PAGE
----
"Rocket and feather" strategy for motor fuel pricing

What is the ‘rocket and feather’ effect, and is it true?

This term describes what is frequently seen with motor fuel prices on UK forecourts. They appear to rise faster than they ever come down - they go up like a rocket but fall like a feather. The RAC believes motor fuel retailers "have a reasonable record of passing on reductions in the wholesale price of fuel to motorists at the pump, but there are occasions where we think this could be carried out more quickly.
Of course, the longer they hold off cutting pump prices when crude oil prices are falling, the better it is for their margins, and the reverse is also true".

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Avoid motorway services for fuel stops
Typically you pay 10p a litre and more - for a typical 60 litre tank that's £6! See our article with an example on the M6. More

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Posted: 190314

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Will we see forecourt prices rising?
Since November 2018 the average price of unleaded petrol went down by 10.5 p/litre, falling from 130.1 p to 119.6 p by the end of January 2019. The cost of diesel also dropped, by 7.3p per litre to 128.9 p. Crude oil production cuts made by OPEC (Organisation of the Petroleum Exporting Countries) in partnership with Russia have driven up the price of crude oil by 5%. This added US$3 to the barrel price during February 2019 moving the price to US$65.13 by the end of the month. At one point, the price of a barrel reached US$67- the highest it’s been since November 2018.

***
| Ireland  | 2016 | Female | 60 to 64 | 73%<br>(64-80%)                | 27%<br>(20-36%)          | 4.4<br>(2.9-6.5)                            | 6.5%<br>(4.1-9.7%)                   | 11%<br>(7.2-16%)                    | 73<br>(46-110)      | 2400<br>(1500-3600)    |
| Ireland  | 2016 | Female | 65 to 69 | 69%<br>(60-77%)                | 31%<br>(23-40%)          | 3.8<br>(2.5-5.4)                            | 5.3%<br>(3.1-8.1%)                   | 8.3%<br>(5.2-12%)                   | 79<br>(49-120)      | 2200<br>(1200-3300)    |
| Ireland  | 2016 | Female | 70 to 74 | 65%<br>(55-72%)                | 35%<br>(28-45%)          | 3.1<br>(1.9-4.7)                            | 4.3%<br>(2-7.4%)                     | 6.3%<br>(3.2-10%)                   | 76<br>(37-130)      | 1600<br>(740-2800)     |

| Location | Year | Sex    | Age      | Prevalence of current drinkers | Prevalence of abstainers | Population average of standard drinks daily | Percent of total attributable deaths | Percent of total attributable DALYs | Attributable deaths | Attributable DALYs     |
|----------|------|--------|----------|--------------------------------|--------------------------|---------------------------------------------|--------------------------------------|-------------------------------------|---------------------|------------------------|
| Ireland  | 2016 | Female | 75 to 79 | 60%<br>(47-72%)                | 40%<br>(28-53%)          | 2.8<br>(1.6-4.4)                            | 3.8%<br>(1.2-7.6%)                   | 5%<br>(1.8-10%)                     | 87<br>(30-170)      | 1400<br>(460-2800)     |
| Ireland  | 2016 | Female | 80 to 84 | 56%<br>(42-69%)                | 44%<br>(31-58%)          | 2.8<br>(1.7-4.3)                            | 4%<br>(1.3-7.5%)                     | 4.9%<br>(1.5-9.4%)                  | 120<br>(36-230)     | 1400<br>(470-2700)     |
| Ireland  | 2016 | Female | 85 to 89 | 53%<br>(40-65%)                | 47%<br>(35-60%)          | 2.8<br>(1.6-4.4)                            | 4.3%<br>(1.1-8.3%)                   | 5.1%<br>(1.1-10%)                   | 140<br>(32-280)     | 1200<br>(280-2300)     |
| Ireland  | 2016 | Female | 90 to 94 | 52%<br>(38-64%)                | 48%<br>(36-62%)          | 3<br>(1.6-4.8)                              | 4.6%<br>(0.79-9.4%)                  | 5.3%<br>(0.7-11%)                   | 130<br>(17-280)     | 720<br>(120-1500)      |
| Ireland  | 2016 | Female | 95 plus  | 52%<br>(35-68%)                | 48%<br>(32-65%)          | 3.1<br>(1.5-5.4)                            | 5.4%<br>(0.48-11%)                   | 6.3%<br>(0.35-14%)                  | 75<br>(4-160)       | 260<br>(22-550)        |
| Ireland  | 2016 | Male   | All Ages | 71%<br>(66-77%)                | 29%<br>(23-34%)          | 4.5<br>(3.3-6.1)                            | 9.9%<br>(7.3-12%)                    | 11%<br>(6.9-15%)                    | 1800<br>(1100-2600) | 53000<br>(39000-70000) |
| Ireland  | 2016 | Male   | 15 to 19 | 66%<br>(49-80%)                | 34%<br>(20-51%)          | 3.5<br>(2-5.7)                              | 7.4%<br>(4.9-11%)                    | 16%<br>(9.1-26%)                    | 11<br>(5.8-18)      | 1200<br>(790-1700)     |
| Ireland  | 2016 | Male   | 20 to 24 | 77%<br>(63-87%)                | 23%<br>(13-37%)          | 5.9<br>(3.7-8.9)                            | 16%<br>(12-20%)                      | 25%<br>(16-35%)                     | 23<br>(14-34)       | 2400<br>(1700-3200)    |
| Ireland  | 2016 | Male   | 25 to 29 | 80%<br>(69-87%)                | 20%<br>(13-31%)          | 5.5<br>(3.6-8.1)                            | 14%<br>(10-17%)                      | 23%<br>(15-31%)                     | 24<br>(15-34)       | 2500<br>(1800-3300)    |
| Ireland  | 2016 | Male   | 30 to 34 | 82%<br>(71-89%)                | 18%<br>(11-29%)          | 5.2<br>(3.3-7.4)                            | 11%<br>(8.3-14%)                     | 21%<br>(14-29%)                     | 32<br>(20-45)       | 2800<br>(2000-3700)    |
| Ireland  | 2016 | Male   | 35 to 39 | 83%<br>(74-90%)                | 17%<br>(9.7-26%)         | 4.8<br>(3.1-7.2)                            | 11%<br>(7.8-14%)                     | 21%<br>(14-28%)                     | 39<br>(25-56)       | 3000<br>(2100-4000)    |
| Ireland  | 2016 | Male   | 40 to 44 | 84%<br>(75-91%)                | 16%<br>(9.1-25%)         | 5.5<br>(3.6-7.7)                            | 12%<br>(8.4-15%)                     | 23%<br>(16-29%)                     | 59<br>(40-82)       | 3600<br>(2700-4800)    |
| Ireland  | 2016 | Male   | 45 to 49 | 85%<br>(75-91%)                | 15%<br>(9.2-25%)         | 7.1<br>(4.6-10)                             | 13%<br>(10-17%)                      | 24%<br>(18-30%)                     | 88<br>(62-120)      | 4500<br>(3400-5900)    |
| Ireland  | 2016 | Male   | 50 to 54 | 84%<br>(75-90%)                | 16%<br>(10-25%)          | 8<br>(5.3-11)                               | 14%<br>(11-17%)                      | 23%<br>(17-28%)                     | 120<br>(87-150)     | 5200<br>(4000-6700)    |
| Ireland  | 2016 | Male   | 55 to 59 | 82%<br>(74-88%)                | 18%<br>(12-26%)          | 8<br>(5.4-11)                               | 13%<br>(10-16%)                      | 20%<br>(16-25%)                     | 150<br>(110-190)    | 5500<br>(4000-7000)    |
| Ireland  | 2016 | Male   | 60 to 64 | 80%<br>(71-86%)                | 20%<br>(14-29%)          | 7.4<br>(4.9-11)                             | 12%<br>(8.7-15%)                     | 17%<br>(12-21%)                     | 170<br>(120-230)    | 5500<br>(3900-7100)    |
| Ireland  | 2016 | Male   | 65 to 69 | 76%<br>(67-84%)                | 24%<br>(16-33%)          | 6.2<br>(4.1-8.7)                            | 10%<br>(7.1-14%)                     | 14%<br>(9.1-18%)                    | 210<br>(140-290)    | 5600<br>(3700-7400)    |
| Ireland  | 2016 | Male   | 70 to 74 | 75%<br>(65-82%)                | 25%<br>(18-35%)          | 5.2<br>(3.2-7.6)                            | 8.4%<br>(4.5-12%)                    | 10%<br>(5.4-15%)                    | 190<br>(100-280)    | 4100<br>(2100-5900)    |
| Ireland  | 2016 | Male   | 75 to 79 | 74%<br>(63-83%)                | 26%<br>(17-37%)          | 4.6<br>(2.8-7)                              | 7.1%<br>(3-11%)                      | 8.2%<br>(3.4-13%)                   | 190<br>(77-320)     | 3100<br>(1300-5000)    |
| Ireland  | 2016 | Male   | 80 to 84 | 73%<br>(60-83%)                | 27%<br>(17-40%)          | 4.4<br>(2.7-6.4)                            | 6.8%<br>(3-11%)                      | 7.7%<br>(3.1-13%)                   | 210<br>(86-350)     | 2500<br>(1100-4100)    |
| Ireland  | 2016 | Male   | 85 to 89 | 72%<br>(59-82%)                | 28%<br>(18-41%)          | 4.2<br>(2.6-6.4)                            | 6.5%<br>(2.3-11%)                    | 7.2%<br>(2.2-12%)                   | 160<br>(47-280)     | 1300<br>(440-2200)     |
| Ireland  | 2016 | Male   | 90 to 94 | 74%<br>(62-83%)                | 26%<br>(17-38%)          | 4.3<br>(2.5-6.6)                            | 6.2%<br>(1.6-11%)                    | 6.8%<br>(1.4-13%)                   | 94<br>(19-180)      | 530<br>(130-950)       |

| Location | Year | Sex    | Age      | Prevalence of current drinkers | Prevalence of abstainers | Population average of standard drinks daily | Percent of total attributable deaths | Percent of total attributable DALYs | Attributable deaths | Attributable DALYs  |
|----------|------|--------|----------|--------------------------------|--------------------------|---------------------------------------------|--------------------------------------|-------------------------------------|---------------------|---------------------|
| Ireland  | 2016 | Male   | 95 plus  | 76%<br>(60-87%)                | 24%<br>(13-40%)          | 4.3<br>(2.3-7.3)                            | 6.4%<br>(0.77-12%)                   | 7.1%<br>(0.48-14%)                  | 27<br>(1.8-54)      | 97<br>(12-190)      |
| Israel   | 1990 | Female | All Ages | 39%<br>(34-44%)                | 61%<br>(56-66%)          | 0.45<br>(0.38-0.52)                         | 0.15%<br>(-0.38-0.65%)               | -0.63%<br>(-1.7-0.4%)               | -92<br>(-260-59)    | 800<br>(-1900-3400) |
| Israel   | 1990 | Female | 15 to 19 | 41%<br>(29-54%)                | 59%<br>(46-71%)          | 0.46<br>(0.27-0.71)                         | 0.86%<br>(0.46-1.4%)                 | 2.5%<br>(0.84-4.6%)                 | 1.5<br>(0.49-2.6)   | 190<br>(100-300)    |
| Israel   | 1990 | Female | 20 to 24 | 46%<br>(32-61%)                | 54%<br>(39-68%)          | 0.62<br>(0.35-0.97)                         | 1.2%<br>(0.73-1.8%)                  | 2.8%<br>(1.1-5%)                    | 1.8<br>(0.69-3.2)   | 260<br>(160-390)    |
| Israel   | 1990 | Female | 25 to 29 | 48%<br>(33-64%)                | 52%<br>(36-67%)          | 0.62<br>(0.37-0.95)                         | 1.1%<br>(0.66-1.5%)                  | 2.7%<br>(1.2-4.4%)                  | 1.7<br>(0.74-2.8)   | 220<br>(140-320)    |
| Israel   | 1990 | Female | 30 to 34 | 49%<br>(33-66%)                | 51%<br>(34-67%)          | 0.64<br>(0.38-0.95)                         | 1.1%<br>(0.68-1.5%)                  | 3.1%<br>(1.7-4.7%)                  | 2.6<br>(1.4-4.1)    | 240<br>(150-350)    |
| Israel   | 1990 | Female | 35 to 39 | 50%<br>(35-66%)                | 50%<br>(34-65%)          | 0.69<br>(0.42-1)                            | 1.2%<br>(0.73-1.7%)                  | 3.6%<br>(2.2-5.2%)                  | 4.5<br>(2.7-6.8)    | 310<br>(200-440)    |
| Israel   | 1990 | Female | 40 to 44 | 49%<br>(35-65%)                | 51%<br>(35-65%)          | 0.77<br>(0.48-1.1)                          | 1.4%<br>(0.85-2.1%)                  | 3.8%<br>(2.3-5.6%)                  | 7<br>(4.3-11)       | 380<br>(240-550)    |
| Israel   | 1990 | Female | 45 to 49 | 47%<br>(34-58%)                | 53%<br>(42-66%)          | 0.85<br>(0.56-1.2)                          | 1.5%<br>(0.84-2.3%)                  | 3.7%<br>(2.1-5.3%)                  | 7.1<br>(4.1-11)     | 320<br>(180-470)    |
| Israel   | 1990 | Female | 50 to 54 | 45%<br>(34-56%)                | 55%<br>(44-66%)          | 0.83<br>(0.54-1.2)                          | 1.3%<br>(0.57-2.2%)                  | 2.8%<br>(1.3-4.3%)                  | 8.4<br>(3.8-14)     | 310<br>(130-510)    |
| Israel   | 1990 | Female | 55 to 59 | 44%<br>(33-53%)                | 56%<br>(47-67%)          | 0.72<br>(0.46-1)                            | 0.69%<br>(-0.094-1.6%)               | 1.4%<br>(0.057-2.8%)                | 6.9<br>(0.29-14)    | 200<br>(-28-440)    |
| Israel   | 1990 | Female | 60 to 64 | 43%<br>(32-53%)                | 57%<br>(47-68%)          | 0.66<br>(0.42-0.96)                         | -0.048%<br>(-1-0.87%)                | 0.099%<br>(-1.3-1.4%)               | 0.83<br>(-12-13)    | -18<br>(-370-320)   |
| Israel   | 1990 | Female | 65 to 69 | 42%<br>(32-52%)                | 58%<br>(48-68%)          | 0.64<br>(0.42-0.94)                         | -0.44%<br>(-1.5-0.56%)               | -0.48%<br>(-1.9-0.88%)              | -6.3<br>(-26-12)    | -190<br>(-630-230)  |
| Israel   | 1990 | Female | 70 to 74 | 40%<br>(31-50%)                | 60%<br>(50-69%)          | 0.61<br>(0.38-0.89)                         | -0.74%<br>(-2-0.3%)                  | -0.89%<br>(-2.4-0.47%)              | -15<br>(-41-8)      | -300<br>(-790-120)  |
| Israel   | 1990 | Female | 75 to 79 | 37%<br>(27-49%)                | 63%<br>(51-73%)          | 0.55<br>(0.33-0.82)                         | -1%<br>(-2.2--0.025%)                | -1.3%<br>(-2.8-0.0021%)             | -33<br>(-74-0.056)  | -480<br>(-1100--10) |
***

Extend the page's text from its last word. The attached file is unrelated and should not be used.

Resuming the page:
But prices are turning. After over six weeks of keeping its forecourt prices the same, Asda was the first supermarket of "the big four" in the UK to pass the rise in wholesale prices on to its customers with a slight increase in the price of its unleaded petrol. An average 60 litre family car now costs just over £70 to fill up with petrol.

"Rocket and feather" feature of the motor fuel market
RAC Media Relations Manager and fuel spokesman, Simon Williams, said the price rise would disappoint drivers but “what they probably aren’t aware of is that retailers, who held off cuts for weeks when they were warranted, instantly raised their prices when they saw the wholesale price go up very slightly”. He added that this was “clear proof of the infamous ‘rocket and feather’ pricing strategy where prices go up like a rocket and fall like a feather.”

The forecourt industry denies making good profits from petrol sales and it’s true that most retailers make only a little on a litre of fuel; often just one or two pence profit per litre. “That is hardly sustainable,” said Brian Madderson, Chairman of the Petrol Retailers Association (PRA), in the past when defending earlier prices rises. He explained the only way most petrol stations survive is by having other facilities attached to them, such as shops, car washes and cash machines. Mr Madderson added: “If they were making substantial margins, we would see more investment coming into the business, rather than going out of it.”

Saving you money
Even though a driver can’t control the price of petrol and diesel, it’s possible to reduce how much you use. Figures by the Department for Transport show we use up to 9% more fuel driving at 70mph than at 60mph and up to 25% more fuel travelling at 80mph instead of 70mph. The faster you drive, the greater your fuel consumption.
The most energy-efficient way of driving is a smooth use of the throttle. Focus on what’s ahead so you can make adjustments early to prevent a disruption to your flow. Another economy factor is weight - on average, every extra 50kg of weight in the car increases fuel consumption by 2%, so don’t keep unnecessary items in your boot and only fill up the fuel tank halfway if you’re an urban driver. Don’t leave your roof racks on as they cause ‘drag’. Even empty roof racks increase fuel consumption by around 10%.